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Cruising to Mackinac Island

By Gary Knowles


(Note: Mae Knowles was unable to join Gary on this trip due to other commitments. She promises to return for the next getaway.)

Let's get to the four bottom lines right away.

  • Mackinac and Mackinaw: Both rhyme with awe, law, saw and hee-haw. Drop the ack, as in slack, whack Jack and ack-ack. There's a long explanation but suffice it to say that the English and French are involved. It's awe. Both are pronounced Mack-in-awe.

  • Go to Mackinac Island and stay at the Grand Hotel. It's one of the great romantic destinations in the world, in your own backyard and you and your "special someone" deserve it. (Send the children to the Dells with the grandparents for the weekend. You'll all be happier.)

  • Take the Lake Michigan Car Ferry. It's a beautiful cruise across an inland ocean that's spectacular in sun, fog or under the stars. Most of the world will never even dip a toe in this big blue sea. You're a few hours away. How can you stay home?

  • If you yearn for a high end performance car, need a vehicle that will hold a family of four, want fun on the switchbacks with cruise-ability on the I system, have Rodeo Drive tastes but a Target budget - drop this magazine and go buy a 2002 Toyota Camry SE, right now. Go ahead. No regrets. No buyer's remorse. You'll likely even get a great deal on one this time of year. It's a great car with more spice and zest than you might guess.

So now, more details.

My destination for this trip was the famous Grand Hotel on Mackinac Island. It's a trip every serious traveler has to have on their "must do" list - and especially if you live as close as we do in Madison.

The Grand Hotel is on most of the "big" lists. It's on the Conde Nast Traveler "Gold List" of the "Best Places to Stay in the Whole World," the Travel & Leisure list of "Top 100 Hotels in the World," the Wine Spectator's "Award of Excellence" list and Gourmet Magazine's "Top 25 Hotels in the World" list. Even the American Automobile Association (AAA) gave it a four-diamond rating (out of five), and that has to be pretty special because you can't even get there by automobile. Matter of fact, the residents of Mackinac Island saw one car, hated it and banned them all forever.

I chose to make a grand loop trip by taking the Lake Michigan Car Ferry across Lake Michigan, returning across the Mackinac Bridge through Michigan's Upper Peninsula to Green Bay and then back to Madison.

The chosen automobile for this extended weekend was an eye-catching, black four-door Toyota Camry SE edition with a responsive three-liter 192-hp V6. It came decked out with a tuned sport suspension, 16" wheels and a sporty rear wing. Heated leather seats, a power moon-roof, an eight speaker, six-CD JBL stereo and big, easy-to-read gauges made this beauty a joy to cruise on the freeway, but it took lots of self-control to not dash off on those tempting county roads.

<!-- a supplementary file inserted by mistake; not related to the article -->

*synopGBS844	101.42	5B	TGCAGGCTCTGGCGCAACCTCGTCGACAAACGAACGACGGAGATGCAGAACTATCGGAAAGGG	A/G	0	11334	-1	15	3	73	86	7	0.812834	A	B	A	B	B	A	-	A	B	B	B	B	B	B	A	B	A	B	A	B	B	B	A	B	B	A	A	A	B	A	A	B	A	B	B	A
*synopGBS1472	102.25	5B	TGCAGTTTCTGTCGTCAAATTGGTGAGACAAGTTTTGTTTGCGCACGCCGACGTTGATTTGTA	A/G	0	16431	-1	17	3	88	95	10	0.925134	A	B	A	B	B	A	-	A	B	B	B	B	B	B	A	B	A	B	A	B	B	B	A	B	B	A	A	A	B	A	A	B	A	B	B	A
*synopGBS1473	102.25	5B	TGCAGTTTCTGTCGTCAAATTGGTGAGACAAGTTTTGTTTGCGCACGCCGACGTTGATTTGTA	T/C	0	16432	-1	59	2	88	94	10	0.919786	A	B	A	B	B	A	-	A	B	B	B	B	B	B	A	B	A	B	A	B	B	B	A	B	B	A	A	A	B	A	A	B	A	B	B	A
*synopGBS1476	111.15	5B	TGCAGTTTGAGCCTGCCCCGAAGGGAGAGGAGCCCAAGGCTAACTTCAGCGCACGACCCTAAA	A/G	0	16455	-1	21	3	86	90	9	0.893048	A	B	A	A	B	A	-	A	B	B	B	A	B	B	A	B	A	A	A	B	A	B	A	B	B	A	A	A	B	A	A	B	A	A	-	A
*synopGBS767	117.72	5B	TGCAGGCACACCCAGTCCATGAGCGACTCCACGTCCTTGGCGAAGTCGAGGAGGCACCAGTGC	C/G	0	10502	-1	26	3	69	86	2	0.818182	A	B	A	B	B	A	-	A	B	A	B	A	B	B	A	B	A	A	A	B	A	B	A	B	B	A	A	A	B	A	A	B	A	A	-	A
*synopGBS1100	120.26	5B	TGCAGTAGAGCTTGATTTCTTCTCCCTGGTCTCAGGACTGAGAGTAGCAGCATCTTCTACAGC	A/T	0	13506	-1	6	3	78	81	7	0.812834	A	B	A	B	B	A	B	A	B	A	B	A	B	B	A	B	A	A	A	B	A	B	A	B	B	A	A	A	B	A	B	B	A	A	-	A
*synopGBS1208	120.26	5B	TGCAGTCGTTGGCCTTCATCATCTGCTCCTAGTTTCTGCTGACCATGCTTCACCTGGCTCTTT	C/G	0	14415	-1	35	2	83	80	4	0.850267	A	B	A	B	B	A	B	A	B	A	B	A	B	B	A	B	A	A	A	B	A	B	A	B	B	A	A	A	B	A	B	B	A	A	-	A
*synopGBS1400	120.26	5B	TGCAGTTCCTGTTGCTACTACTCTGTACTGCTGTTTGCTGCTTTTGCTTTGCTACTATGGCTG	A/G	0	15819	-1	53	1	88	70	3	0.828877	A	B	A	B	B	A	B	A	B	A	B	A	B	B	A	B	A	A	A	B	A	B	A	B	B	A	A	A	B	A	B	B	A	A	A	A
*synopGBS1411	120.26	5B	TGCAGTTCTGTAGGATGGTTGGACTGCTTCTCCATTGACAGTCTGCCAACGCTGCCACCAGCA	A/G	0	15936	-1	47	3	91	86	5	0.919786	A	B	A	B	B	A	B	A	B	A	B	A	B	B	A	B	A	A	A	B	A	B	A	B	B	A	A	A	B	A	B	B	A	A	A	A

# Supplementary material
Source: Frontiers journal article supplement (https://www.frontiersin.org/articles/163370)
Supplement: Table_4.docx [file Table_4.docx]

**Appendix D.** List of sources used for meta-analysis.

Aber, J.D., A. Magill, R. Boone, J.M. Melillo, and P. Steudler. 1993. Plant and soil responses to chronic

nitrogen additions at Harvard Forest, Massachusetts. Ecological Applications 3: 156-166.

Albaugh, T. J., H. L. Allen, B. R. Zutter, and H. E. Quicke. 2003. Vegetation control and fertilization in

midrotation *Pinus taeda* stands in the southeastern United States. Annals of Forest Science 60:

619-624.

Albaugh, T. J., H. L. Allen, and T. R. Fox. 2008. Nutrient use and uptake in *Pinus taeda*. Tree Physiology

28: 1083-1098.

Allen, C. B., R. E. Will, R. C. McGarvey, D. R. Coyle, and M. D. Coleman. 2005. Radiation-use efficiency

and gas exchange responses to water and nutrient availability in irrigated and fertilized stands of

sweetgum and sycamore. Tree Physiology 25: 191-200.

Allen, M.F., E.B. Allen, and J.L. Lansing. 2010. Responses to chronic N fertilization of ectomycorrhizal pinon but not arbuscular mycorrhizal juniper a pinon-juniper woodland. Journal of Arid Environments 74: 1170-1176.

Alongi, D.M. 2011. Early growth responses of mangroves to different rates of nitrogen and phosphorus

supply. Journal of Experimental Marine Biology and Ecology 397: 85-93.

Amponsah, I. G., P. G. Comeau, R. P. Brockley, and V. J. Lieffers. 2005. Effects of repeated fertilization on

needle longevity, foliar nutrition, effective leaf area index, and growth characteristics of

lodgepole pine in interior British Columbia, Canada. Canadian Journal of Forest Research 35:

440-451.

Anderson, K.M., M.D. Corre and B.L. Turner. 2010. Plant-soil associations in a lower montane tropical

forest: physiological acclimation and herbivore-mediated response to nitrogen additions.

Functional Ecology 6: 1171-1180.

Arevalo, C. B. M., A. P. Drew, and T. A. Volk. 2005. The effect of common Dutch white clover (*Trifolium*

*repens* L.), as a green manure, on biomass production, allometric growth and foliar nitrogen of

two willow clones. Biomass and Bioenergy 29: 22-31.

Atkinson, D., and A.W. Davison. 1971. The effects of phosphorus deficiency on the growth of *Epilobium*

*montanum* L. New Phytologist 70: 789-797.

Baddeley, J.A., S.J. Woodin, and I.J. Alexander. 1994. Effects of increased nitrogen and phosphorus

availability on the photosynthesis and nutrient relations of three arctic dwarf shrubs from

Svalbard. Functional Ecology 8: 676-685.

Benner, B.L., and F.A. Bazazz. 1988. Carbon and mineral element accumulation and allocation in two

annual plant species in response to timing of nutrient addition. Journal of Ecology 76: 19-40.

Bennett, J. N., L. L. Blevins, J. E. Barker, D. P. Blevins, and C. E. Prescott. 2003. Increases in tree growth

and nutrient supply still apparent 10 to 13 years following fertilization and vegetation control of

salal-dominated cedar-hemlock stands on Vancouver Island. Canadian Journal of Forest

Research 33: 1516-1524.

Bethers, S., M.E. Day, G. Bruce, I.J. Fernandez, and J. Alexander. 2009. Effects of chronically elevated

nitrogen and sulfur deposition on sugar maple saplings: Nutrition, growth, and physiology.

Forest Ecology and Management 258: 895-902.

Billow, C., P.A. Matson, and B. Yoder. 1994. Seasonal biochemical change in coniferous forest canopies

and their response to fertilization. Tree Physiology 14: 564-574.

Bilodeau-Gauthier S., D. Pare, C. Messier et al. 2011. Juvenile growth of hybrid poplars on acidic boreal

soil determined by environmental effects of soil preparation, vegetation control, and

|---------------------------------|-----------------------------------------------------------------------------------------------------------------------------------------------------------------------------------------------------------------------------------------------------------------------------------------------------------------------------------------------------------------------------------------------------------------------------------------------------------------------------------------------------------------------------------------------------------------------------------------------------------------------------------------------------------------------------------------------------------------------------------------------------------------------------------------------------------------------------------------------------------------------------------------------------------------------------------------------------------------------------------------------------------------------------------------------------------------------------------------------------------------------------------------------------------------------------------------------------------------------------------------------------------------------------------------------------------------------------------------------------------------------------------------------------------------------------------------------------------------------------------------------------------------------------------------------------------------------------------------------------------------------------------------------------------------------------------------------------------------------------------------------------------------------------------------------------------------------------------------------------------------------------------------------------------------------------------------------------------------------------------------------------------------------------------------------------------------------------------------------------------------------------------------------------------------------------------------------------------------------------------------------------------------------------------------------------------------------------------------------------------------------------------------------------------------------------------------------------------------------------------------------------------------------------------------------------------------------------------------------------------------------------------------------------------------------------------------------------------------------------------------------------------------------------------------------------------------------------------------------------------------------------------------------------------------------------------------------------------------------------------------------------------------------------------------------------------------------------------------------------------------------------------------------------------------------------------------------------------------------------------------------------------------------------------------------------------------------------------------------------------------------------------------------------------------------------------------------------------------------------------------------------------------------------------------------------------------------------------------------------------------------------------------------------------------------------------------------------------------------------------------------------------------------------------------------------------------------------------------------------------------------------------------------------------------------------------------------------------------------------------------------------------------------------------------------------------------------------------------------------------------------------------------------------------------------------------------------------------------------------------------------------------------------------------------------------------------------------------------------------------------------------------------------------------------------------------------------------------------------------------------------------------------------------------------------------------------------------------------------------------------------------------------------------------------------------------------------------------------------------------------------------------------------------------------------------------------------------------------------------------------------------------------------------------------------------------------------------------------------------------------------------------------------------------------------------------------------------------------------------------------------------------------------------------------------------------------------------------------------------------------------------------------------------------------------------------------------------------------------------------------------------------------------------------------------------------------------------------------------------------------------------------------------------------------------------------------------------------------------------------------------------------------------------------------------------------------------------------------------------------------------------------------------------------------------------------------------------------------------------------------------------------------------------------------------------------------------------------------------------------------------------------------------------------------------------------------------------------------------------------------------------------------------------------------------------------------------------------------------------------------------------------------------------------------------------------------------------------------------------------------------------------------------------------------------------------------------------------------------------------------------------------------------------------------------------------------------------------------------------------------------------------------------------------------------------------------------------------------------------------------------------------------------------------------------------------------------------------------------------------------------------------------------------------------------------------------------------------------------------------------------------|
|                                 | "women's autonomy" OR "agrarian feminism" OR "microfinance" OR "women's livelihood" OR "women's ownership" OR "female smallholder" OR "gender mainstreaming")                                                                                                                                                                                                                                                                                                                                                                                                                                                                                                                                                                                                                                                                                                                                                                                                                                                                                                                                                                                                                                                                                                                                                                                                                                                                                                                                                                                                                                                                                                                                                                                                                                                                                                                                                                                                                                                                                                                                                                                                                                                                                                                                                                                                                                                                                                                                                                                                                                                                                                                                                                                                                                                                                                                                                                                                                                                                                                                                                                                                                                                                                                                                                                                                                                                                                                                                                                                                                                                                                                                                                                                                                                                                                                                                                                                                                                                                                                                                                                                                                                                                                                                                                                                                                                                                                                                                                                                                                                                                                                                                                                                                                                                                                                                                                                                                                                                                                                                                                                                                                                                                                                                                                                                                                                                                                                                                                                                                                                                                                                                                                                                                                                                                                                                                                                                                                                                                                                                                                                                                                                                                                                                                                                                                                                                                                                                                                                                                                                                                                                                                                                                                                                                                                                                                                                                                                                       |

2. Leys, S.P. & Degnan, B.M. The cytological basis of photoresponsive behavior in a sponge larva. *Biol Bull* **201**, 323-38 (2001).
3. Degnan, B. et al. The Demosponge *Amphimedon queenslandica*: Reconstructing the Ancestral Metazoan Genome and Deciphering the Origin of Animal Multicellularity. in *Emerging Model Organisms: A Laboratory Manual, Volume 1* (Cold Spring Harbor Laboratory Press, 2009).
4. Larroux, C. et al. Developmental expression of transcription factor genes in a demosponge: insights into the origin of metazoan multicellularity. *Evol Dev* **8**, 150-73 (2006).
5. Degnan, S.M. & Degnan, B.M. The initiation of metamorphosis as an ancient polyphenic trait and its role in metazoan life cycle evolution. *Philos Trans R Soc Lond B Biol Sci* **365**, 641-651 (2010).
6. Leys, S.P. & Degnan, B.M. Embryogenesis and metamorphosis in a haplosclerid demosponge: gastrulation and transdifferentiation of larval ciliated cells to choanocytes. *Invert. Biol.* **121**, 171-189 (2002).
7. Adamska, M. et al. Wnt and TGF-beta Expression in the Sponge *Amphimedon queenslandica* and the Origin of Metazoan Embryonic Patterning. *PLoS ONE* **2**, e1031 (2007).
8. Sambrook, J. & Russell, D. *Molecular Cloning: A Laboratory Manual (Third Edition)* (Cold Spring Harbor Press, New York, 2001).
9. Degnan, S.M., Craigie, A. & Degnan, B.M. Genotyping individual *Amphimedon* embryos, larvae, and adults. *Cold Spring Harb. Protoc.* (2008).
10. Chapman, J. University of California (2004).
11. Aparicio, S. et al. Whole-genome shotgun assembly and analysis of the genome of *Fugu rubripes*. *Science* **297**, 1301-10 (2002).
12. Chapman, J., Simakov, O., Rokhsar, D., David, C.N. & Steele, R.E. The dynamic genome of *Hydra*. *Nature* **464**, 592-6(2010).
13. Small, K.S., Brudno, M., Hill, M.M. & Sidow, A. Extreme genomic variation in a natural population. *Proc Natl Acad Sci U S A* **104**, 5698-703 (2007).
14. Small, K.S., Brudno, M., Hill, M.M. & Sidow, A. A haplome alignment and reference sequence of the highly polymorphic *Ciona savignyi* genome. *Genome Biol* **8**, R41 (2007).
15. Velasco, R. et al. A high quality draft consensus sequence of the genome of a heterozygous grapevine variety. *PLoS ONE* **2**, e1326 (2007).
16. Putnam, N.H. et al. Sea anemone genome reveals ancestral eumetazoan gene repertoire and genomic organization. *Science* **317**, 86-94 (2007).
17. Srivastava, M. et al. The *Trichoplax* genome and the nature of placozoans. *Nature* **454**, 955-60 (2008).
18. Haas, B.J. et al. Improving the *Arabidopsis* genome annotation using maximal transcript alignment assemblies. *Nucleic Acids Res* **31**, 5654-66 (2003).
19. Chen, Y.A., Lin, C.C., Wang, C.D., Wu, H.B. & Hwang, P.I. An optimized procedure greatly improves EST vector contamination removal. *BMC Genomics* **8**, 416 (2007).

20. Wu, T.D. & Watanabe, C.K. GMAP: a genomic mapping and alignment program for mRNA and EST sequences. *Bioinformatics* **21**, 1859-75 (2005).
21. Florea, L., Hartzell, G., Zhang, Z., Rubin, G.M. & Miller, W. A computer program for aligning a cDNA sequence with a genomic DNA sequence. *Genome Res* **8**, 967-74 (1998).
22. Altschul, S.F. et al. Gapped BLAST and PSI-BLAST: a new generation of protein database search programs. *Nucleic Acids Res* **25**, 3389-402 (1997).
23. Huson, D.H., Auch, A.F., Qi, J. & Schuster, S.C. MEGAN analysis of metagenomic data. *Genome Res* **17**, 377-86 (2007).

Even in this "sports edition" the Camry is family friendly. Lots of cup holders, a comfortable ride and hardly a noise to be heard. The heat/ac controls are big, easy to understand and easy to use. This car is quick, quiet and very, very smooth.

A typical drive to Manitowoc is about 2 hours and 45 mintues, following Hwy. 151 from Madison. Passing through Fond du Lac I took a quick run into Lakeside Park to see Wisconsin's most photographed inland lake lighthouse (on Lake Winnebago).

If you have some time to wander, like I did, you can leave Hwy. 151 at Hwy. 149 to zigzag through some wonderful hill country. The Camry SE was "born to run" and loves these sweeping curves and roller-coaster hills. In Kiel catch Hwy. 67 north to reconnect with Hwy. 151 east to Manitowoc.

The ideal way to do this loop trip is to spend a day (or two) in Manitowoc before you catch the SS Badger ferry to Ludington. The city stands on the shore of Lake Michigan proudly wearing its hard-earned title: "Wisconsin's Maritime Capital." Today Manitowoc's beaches, harbor, shops and attractions continue to appeal to travelers and the city has become a top state travel destination.

You can trace the maritime history of the area and the Great Lakes in the Wisconsin Maritime Museum. In WWII the local shipbuilders turned out submarines that were carried on barges down the Illinois and Mississippi Rivers to be launched into service at New Orleans. The museum is the finest of its kind.

The S.S. Badger is 410 feet long, seven stories high and weighs 7,500 tons. It was built in Sturgeon Bay in 1952. It carries 180 vehicles (and bicycles!) and up to 620 passengers the 60 miles between Manitowoc and Ludington in about four hours.

Passenger fares are $45 per adult one way and $74 round trip. Seniors travel for $42/$68 and children 5-15 are $20/$34. There are discounts in spring (May 17-June 6, 2002) and autumn (September 3-Oct.14, 2002). Automobiles travel for $49 one way and $98 round trip while bicycles go for $5/$10. For reservations call 1-800-841-4243.

When I drove up to the auto-loading area, several Badger staff rushed over to offer to drive the Camry aboard. I grabbed my "cruise bag" with camera, sweater, magazines, newspapers and postcards and was welcomed aboard by a Badger greeter as the car was tucked away in the lower deck.